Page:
The birth of evil (No Country for Old Men movie review)

‘A man would have to put his soul at hazard’ – that’s a key-sentence for the whole movie ‘No Country for Old Men’. The Coen brothers are telling the story of dangerous being in the world.  The first monologue of the sheriff  Bell (Tommy Lee Jones) situates him in a position of the ruler/owner of the story, which is an autobiographical talk structured in the parable. The actual plot of the movie is an extensive illustration of the existence of randomness. The story is based on a general principle – the cowboy little world turns out to be a metaphor of an universal microcosm.

Llewelyn Moss discovers the remains of several drug runners who have all killed each other in an exchange gone violently wrong. He decides not to report anything to the police, but to keep two millions dollars for himself. Unfortunately,  Moss is not aware of Anton Chigurh, the psychopathic killer… ‘No Country for Old Men’ may look like a typical dark thriller  but The Coen brothers are too good to be easily defined. Their movie is a collage of genres (elements of psychological drama are mixed here with those characteristic for action movies). All  purely formal tricks (poetics of crank out,  attention to detail) seem to be visual   comments on the absurdity of the whole situation. What’s more – they like playing with contrasts.  Their movie is aesthetically inconsistent. Anton (terrific Javier Bardem) looks like stranger that comes from another movie. He doesn’t belong to the reality but, paradoxically, he is the one responsible for all actions and changes. You can describe him as an universal portrait of a psychopath, as an embodiment of the idea of evil.

The Coen Brothers are playing the ambiguous game with their audience. They seem to design a model viewer that would be a fun of unsophisticated Hollywood cinema but on the other hand – they deconstruct this dominant model by playing and toying with our receiving habits (philosophical background, a lot of shots showing the reality of abject and powers of horror). They simultaneously turn on both mechanism – disgust and desire. Directors utilize up clichés (simple, almost stereotypical figures of ordinary guy, psycho-killer, sheriff just before retirement that belong to the gallery of typical characters.) The same with the skeleton feature, ways of showing dead bodies (poetics splashes of blood and shirts that are slowly getting red), and methods of maintaining  the tension. The Coen Brothers deconstruct the typicality of classic thriller for example by not adding any music soundtrack. The melody of their movie is composed of  sounds of steps, breaths and uncomfortable moments of the total silence.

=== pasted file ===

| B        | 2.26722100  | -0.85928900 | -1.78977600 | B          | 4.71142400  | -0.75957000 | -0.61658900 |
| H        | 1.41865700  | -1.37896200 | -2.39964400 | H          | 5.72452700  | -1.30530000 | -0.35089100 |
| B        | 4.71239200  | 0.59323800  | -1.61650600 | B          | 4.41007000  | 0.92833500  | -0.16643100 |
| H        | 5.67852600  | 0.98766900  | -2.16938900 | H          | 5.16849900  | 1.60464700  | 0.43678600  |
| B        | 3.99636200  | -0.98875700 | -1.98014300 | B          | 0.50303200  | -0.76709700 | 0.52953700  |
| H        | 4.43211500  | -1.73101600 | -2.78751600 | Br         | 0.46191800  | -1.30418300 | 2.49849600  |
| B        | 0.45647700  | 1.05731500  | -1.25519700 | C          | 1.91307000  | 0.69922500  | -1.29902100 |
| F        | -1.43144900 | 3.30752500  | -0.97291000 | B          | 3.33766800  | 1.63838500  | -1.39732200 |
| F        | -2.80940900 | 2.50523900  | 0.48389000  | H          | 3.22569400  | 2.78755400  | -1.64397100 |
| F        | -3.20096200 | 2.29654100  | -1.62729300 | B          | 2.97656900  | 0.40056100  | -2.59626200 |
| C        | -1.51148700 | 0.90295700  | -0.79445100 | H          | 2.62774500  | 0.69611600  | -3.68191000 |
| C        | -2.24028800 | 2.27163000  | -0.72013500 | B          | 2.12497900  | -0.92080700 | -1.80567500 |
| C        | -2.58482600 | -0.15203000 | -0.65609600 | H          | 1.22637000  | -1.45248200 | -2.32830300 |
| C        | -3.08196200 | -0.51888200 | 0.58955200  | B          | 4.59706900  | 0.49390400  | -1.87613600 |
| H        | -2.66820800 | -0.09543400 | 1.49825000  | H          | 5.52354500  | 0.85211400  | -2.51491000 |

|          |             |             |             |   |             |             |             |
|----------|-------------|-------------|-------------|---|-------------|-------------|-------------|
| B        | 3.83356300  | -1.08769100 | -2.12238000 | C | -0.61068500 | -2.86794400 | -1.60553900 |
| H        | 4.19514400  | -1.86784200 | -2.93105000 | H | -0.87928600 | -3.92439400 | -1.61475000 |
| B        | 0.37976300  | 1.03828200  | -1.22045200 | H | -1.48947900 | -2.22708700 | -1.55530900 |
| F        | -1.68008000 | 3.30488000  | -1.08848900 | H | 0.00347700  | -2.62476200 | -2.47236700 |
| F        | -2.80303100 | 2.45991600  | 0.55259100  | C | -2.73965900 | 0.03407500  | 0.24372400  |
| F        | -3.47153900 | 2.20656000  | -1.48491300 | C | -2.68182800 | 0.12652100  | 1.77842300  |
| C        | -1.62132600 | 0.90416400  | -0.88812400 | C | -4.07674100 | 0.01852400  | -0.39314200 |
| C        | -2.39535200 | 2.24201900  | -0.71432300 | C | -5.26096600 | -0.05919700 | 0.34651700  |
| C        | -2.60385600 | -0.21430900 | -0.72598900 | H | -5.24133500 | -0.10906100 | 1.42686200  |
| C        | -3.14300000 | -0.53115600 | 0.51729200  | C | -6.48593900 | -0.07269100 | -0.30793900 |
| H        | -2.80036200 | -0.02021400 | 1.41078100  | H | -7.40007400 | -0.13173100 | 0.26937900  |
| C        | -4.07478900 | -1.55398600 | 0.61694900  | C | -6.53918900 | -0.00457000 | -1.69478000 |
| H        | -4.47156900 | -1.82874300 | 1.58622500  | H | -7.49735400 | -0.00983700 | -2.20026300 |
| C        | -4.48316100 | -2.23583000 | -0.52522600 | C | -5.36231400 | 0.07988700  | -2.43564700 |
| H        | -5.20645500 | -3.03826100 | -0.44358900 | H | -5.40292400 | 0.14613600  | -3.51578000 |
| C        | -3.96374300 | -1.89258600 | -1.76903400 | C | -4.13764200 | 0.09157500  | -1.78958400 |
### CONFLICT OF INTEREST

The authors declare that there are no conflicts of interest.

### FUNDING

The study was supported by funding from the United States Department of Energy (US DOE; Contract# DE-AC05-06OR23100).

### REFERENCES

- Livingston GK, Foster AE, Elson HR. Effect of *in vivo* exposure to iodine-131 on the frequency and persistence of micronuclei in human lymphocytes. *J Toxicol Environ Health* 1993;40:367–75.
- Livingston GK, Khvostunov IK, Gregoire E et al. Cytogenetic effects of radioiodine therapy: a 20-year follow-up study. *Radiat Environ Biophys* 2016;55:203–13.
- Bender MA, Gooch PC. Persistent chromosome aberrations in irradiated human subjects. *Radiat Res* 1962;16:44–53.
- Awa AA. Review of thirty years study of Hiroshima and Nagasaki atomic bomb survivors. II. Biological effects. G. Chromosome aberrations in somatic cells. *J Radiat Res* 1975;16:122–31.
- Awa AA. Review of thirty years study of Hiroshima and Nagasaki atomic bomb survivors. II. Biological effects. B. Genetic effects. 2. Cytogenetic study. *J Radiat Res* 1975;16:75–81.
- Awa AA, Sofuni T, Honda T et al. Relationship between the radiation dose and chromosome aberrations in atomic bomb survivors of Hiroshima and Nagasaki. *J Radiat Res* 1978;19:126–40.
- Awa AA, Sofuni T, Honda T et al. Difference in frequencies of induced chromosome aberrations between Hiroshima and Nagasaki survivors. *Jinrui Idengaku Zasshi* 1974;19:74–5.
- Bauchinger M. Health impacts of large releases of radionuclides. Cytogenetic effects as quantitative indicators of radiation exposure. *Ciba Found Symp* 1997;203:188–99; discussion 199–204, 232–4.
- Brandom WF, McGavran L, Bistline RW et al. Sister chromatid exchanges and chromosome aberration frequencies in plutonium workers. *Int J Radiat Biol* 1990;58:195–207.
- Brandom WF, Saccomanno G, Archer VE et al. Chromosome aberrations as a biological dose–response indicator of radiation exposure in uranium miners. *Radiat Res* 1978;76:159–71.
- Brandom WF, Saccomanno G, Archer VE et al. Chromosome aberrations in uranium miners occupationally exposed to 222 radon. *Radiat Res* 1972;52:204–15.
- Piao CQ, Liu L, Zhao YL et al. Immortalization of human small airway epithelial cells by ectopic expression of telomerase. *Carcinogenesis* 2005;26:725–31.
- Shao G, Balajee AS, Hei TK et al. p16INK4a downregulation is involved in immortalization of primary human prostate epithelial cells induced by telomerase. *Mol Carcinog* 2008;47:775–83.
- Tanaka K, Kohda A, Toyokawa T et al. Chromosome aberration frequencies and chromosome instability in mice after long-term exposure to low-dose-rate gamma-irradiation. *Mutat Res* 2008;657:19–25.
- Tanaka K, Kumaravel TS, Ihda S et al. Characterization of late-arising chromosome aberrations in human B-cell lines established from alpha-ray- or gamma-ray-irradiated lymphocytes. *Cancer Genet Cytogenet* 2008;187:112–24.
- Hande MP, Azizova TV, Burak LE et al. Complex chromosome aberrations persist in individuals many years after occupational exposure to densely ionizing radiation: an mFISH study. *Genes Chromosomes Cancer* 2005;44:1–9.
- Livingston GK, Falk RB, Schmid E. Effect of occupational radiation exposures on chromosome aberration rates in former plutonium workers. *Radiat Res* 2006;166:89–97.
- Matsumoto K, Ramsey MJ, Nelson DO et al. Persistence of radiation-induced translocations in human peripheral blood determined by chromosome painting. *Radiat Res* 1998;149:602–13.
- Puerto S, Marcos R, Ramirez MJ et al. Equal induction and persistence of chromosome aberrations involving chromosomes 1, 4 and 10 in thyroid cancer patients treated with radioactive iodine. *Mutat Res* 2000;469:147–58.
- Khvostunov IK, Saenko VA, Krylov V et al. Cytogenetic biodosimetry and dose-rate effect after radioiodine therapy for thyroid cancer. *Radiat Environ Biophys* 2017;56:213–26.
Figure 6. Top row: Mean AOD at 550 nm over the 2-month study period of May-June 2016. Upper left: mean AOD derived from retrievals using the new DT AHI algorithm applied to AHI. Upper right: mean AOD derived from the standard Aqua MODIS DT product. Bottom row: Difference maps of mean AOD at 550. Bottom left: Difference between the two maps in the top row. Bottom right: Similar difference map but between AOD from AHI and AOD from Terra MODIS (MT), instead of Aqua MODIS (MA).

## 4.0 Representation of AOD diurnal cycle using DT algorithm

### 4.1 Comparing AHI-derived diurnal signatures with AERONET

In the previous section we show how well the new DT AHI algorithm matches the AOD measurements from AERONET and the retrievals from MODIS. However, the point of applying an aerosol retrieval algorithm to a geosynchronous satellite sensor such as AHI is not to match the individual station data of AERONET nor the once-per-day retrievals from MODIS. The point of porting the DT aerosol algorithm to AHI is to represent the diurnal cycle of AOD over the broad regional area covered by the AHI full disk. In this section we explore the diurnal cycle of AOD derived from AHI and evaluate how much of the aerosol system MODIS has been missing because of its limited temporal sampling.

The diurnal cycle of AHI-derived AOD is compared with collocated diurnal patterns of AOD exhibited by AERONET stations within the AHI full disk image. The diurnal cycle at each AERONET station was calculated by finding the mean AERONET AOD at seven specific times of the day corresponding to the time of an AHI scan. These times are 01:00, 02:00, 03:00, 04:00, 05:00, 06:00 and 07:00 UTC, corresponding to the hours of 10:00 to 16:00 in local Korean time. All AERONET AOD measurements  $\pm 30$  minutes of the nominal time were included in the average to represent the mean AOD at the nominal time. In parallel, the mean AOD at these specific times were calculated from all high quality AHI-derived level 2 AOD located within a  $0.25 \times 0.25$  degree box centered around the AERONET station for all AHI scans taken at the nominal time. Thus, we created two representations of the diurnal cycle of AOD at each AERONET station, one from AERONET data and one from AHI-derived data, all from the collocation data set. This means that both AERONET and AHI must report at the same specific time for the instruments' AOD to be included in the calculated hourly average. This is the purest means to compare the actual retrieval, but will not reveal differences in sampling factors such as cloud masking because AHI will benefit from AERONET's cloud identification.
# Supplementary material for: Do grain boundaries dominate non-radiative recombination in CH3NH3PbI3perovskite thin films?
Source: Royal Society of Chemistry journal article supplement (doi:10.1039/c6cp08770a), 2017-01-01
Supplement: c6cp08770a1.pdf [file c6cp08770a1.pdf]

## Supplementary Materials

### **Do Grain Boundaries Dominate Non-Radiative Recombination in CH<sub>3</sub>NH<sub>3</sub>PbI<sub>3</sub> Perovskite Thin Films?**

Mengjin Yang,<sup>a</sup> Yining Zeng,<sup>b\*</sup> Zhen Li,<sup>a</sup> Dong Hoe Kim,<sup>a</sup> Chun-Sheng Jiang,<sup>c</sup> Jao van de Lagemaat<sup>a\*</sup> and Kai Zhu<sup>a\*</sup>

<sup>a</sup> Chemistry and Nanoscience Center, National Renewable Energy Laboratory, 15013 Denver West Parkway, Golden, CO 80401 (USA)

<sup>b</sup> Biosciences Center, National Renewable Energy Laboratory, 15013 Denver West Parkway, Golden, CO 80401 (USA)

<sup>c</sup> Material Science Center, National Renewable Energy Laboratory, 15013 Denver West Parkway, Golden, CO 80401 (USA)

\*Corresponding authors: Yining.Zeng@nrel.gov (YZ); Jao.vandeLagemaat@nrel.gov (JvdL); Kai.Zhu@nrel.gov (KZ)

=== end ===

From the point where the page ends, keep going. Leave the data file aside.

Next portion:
‘No Country for Old Men’ is not only the story of the pure, irrational violence. It’s also a nostalgic tale about longing for goodness and peace. When the sheriff is dreaming about his father, his soul expresses overwhelming, breathtaking pain. Bell could be described as a double-agent. He is a spokesman for the past but he also very consciously experiences the process of the spread of evil.  He sinks into a subliminal affirmation of the past – it is not a simple idealization but a shocking, built on the principle of minimalism, record of the process of degeneration. He knows that there is no way to stop what’s coming. The Coen Brother are trying to say that whole life is about playing ‘heads or tails’. The hazard can be both – salvage and destructive.